EGGPLANT: Pick eggplants when they are large, firm, smooth and shiny, with an even deep purple color. Slightly immature fruits taste best, before the skin become tough and seeds mature and become dark inside (eggplants with brown seeds past the edible stage). Harvest mature eggplants and plants will produce over a long period of time. Better cut rather than pull. To determine if the fruit is mature, press the side of the fruit slightly. If the indentation remains, the fruit is mature.
BELL PEPPERS: Green bell pepper varieties are usually picked when they are fully grown and mature, firm and green, but they may be harvested green and immature. Sweet peppers taste much sweeter and are most nutritious when they’ve been allowed to fully color up from green to glowing red, orange or yellow on the vine, depending on variety. When the fruits are mature, they break easily from the plant, but anyway it would be better for the plant to cut them off rather than to pull off. Some (light yellow, lilac and purple) are colors that develop in the immature fruit and that should be harvested before actually ripening, when they turn red. If there is no chance for your peppers to ripen completely, you can pick them as late as possible and keep in a cool place to color up, but check them often for rotting.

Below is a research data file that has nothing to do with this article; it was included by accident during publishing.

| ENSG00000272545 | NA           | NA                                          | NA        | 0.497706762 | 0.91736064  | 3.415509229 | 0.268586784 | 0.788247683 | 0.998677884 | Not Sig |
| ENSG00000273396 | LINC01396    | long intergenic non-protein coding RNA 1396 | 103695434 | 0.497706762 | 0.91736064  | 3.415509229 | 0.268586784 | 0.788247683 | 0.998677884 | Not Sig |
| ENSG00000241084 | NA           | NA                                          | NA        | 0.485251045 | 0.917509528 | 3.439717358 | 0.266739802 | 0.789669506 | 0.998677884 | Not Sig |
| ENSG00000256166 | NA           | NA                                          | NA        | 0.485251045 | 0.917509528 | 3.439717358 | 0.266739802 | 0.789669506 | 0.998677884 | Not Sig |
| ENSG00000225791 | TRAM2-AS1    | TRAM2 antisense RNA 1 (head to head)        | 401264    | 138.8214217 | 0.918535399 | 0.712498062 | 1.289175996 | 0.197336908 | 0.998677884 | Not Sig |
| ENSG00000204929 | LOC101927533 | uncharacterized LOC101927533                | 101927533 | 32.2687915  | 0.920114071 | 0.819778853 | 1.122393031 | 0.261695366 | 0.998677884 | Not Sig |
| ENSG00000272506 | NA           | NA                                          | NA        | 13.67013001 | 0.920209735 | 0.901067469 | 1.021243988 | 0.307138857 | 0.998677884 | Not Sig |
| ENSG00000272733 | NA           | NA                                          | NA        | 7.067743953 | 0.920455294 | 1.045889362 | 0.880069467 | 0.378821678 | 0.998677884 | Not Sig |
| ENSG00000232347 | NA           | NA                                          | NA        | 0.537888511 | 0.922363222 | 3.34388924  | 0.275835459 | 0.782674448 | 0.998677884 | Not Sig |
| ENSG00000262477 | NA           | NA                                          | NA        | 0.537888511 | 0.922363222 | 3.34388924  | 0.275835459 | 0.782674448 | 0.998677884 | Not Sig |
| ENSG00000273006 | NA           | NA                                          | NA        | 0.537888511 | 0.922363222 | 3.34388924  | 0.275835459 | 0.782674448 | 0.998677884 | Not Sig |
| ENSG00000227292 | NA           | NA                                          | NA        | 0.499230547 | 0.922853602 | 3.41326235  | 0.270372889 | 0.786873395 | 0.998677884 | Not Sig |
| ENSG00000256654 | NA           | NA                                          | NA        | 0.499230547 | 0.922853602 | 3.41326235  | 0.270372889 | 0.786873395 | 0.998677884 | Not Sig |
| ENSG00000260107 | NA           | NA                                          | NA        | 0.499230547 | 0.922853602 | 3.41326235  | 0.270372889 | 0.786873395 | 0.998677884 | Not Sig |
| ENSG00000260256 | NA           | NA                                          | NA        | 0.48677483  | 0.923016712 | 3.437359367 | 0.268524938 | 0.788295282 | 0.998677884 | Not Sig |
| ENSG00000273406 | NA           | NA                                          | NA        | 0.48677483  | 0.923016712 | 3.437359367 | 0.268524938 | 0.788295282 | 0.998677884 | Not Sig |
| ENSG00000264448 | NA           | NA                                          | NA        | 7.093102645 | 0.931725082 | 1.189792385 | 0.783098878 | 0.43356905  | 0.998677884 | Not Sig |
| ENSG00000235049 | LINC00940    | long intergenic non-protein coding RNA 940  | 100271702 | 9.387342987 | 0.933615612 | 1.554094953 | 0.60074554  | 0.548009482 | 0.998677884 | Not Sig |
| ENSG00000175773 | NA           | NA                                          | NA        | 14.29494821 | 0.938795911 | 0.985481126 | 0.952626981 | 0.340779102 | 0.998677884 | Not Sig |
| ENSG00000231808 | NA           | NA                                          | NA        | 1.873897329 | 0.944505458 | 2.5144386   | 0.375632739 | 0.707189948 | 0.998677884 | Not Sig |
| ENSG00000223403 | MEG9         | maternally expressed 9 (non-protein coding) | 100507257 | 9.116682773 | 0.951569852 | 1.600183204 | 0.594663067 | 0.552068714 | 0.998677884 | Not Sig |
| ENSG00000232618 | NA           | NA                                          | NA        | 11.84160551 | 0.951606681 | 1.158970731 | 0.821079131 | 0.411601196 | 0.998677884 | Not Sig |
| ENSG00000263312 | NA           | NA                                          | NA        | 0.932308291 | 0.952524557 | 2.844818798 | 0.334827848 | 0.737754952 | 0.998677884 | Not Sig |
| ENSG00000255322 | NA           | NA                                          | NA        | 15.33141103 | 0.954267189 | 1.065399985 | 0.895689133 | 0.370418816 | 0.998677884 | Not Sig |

CHILE PEPPERS: Hot chile peppers are usually picked when they are red and develop full pungency and fruitiness, but “green chiles” (the immature fruits) can be harvested as well as soon as they’ve grown to size. You can pick individual chilies or also entire plants can be pulled in the fall before the cold weather and hung to dry. Be careful when handling hot peppers, because skin, nose and eyes may become painfully irritated. Use gloves when picking or handling chile peppers.
ONIONS: For large storage onions, wait until tops have ripened and fallen over. Harvest and allow the onions to dry in the sun. Cut off the tops and shorten the roots when the skin and tops are completely dry. Store them in a cool, dry, airy place. You can also pick young scallions.
GARLIC: When the garlic tops will fall over and begin to brown the garlic is ready. Don’t pull it but dig, and allow to dry before storing. Simply brush off the dirt, don’t wash.